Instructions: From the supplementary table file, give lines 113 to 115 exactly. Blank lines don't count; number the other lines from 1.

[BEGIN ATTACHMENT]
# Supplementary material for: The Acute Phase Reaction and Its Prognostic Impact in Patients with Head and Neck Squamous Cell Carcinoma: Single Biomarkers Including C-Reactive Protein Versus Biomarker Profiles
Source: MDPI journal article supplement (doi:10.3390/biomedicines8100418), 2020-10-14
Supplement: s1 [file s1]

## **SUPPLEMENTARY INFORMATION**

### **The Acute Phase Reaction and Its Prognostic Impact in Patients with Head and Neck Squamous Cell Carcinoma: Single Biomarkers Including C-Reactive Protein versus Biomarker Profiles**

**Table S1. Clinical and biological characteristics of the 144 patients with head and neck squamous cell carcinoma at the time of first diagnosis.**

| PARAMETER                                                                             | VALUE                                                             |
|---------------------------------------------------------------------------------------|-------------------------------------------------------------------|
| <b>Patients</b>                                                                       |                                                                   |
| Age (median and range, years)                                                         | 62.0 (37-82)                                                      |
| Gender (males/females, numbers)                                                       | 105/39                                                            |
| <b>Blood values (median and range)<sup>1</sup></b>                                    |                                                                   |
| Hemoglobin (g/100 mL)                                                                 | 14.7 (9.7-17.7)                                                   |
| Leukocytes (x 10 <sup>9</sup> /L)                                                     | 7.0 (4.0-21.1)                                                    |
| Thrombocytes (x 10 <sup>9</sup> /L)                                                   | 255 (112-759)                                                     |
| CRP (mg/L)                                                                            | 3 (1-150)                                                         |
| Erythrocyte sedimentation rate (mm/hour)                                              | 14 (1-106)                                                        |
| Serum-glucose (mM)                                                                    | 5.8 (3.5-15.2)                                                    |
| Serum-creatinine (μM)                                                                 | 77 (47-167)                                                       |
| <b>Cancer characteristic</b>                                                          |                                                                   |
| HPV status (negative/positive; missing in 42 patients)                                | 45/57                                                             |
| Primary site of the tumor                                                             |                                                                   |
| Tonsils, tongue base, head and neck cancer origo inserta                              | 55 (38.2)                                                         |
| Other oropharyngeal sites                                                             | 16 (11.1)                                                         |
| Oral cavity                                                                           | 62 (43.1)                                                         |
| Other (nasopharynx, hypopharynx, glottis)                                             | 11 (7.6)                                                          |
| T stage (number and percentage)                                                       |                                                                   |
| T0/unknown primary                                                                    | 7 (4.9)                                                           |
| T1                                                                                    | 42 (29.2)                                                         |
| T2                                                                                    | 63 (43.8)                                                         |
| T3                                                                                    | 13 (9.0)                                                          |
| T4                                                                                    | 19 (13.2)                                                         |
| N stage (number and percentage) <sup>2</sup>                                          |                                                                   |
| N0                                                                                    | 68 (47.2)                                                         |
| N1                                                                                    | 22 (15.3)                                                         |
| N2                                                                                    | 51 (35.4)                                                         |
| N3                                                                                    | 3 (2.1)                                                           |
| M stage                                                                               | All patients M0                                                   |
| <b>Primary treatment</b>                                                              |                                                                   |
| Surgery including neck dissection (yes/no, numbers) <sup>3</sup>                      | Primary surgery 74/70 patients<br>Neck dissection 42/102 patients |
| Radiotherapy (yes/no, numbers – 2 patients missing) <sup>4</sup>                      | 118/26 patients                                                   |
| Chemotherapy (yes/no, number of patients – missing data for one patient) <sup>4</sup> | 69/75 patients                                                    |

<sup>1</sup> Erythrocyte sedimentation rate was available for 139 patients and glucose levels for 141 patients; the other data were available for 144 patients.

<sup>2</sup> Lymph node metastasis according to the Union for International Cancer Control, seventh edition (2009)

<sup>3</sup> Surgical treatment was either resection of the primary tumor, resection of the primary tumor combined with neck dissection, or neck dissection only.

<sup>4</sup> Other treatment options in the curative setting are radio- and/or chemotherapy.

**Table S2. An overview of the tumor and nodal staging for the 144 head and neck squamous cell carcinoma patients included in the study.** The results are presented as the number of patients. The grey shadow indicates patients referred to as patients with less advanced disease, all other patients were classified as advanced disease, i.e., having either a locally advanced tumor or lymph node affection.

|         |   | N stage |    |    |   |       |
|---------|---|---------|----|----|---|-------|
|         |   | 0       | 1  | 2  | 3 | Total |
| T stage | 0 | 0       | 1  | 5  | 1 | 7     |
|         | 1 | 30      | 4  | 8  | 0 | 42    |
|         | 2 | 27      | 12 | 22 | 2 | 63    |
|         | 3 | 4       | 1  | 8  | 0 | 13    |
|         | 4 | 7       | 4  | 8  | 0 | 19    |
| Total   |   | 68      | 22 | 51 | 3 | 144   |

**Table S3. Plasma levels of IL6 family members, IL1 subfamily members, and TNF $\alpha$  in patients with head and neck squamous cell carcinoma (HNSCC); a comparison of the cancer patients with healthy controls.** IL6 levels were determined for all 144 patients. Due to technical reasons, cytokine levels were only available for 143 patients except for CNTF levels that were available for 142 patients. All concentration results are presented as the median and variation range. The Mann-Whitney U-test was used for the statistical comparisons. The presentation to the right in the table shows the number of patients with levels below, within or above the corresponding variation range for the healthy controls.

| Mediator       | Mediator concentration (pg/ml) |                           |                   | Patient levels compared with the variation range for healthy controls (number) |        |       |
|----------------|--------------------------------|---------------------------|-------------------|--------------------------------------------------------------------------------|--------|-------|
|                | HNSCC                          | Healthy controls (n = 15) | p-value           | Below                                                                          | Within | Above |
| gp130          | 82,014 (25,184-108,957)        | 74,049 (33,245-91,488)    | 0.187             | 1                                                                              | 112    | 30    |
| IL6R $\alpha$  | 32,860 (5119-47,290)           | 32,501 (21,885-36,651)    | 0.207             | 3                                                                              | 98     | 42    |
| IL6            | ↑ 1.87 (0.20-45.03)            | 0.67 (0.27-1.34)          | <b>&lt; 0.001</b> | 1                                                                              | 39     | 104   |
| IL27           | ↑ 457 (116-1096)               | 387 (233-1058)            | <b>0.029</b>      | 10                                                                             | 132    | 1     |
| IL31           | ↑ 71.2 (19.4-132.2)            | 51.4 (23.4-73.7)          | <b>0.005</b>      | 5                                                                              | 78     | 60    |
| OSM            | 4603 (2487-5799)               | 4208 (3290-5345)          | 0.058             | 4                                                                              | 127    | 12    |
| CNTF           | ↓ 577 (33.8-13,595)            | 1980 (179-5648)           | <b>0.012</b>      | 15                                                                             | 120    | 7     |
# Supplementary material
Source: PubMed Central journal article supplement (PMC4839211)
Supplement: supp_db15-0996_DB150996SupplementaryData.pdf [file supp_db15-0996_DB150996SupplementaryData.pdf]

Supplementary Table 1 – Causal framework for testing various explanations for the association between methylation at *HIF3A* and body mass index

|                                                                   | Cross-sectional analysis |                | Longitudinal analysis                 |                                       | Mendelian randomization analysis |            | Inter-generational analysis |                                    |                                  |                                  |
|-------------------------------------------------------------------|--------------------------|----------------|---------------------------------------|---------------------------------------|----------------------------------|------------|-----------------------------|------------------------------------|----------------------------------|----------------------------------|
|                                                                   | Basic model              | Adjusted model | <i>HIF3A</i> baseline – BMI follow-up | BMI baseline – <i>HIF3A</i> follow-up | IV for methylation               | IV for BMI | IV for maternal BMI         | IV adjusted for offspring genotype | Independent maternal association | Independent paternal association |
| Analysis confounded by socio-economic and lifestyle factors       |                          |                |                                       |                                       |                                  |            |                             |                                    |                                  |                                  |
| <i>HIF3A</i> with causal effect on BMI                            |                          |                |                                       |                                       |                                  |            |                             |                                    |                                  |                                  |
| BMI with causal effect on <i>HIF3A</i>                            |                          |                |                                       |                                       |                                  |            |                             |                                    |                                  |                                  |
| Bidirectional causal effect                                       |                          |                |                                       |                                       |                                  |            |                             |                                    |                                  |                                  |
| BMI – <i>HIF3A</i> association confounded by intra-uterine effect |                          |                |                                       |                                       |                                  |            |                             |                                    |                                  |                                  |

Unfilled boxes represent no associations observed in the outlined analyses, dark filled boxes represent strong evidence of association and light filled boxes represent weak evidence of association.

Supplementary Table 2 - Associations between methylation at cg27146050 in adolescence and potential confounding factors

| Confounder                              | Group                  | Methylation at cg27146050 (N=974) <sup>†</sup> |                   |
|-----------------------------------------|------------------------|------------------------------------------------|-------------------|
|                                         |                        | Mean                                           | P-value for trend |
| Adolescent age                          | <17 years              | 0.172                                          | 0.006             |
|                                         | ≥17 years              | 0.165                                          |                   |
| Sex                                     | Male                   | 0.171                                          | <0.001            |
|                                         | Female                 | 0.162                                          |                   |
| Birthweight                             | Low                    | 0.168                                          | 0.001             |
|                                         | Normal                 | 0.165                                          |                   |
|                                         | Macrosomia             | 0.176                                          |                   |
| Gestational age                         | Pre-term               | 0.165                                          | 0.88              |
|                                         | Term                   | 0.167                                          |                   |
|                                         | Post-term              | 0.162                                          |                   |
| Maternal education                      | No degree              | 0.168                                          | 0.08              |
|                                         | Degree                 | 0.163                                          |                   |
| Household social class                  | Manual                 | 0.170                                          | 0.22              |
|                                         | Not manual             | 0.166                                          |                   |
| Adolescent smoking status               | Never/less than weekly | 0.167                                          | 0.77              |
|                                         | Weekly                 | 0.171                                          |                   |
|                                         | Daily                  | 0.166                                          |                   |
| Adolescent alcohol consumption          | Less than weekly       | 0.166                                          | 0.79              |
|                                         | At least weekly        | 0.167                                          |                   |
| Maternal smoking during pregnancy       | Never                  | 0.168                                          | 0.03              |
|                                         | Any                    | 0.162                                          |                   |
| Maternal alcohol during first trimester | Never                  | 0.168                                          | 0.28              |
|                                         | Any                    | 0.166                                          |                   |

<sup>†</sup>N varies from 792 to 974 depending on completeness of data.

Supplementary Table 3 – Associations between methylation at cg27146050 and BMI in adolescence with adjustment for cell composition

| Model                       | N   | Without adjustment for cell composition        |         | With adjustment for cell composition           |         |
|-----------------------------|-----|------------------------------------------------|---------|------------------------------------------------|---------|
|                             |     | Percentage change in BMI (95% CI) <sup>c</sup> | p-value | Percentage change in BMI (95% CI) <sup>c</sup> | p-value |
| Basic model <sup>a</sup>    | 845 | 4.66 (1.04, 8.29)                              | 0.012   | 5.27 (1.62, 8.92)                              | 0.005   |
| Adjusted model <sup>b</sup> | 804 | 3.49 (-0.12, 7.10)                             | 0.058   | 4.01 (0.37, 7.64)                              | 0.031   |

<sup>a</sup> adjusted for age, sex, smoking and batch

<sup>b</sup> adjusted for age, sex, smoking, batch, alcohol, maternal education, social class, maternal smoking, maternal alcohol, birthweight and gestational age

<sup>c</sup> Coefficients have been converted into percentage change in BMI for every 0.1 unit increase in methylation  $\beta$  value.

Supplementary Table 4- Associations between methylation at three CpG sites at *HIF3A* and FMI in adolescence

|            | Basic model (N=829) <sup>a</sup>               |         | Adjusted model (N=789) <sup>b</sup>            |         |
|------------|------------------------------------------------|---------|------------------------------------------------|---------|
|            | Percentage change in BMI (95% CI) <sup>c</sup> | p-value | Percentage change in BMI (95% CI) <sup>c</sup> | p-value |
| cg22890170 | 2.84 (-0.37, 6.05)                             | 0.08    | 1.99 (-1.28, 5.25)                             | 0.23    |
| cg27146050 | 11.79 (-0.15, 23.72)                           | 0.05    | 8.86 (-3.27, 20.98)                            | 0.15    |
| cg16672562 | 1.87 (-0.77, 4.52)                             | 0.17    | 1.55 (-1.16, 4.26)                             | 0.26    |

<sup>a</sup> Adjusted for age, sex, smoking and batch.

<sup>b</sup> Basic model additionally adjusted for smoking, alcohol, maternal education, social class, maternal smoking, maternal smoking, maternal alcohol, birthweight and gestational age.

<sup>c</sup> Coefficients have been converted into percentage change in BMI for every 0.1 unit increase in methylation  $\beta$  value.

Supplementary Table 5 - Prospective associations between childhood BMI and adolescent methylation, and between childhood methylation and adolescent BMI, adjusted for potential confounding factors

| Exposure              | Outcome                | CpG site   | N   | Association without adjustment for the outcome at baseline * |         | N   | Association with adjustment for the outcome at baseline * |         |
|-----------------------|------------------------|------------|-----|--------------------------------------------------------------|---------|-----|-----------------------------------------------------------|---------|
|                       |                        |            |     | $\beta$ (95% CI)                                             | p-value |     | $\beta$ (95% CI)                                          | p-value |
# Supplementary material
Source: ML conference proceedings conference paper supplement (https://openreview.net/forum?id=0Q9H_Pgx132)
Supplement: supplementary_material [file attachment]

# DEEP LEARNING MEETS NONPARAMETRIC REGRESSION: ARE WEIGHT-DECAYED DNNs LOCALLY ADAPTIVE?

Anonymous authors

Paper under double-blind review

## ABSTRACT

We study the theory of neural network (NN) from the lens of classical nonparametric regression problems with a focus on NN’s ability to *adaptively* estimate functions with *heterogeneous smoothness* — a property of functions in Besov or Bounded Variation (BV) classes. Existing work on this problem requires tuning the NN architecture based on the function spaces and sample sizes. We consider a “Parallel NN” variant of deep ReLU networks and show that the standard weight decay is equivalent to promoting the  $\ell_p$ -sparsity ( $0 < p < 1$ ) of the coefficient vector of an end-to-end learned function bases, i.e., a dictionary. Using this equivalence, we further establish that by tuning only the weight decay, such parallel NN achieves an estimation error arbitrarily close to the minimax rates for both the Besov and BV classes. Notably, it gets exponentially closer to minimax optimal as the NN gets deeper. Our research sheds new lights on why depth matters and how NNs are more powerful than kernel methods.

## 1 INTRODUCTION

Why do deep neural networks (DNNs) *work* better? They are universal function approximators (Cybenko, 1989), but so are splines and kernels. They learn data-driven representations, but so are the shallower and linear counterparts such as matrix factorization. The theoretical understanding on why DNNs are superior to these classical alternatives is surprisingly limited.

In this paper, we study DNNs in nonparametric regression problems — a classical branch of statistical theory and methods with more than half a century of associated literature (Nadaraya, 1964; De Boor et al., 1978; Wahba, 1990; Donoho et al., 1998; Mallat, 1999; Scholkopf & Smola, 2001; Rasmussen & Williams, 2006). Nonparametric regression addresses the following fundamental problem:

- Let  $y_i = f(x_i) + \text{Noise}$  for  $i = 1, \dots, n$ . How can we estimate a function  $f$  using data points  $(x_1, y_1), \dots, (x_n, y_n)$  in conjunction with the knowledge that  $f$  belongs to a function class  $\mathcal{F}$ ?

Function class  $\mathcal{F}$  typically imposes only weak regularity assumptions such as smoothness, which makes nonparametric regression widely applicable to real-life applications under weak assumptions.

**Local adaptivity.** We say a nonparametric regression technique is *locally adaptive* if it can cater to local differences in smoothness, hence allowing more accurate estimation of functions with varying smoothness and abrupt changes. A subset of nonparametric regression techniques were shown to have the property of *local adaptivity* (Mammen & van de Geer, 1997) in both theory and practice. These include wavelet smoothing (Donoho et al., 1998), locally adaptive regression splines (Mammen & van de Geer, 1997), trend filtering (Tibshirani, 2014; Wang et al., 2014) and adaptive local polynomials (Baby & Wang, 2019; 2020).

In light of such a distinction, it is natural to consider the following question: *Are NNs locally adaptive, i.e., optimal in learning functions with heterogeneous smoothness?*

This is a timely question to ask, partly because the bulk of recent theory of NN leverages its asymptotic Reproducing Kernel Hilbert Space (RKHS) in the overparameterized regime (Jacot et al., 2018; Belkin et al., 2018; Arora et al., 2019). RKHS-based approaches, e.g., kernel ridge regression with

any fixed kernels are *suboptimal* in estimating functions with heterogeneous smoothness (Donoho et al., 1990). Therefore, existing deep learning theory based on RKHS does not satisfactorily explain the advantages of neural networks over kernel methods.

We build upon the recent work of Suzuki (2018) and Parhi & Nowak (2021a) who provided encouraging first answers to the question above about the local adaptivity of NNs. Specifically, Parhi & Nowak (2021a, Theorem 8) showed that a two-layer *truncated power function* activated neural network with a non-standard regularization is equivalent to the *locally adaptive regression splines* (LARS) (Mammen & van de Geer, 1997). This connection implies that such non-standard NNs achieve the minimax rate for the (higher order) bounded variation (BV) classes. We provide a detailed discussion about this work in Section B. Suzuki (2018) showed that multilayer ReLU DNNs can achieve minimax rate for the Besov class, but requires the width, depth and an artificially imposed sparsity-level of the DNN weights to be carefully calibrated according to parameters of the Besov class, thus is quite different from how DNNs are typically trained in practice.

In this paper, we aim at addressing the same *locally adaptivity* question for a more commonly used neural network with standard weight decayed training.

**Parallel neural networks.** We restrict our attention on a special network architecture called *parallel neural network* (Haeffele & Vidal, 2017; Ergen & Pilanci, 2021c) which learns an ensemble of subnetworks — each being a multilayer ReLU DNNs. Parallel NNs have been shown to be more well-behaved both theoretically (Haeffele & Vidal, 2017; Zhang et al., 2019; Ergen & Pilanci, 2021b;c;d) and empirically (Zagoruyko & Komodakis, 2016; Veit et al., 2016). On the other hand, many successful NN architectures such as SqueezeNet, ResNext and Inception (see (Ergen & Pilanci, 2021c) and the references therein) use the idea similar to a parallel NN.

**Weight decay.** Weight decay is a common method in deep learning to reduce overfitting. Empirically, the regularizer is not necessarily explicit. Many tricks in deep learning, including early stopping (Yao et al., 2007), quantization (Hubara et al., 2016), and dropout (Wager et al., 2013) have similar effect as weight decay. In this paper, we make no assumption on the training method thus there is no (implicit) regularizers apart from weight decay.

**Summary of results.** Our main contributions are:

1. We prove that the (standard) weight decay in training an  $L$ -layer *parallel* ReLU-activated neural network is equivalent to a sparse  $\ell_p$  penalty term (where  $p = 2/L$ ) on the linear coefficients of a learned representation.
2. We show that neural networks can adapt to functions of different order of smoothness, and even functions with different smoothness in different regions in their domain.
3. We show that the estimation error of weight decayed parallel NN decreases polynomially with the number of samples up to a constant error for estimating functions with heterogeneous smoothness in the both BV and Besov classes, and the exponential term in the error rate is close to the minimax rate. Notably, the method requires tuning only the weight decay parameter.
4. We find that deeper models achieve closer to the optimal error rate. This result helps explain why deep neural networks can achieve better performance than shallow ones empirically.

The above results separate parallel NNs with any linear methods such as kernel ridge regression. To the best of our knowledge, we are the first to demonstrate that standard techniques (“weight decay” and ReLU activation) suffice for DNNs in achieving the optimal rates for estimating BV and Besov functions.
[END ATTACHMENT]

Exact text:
| Basic model <sup>a</sup>    | 845 | 4.66 (1.04, 8.29)                              | 0.012   | 5.27 (1.62, 8.92)                              | 0.005   |
| Adjusted model <sup>b</sup> | 804 | 3.49 (-0.12, 7.10)                             | 0.058   | 4.01 (0.37, 7.64)                              | 0.031   |

<sup>a</sup> adjusted for age, sex, smoking and batch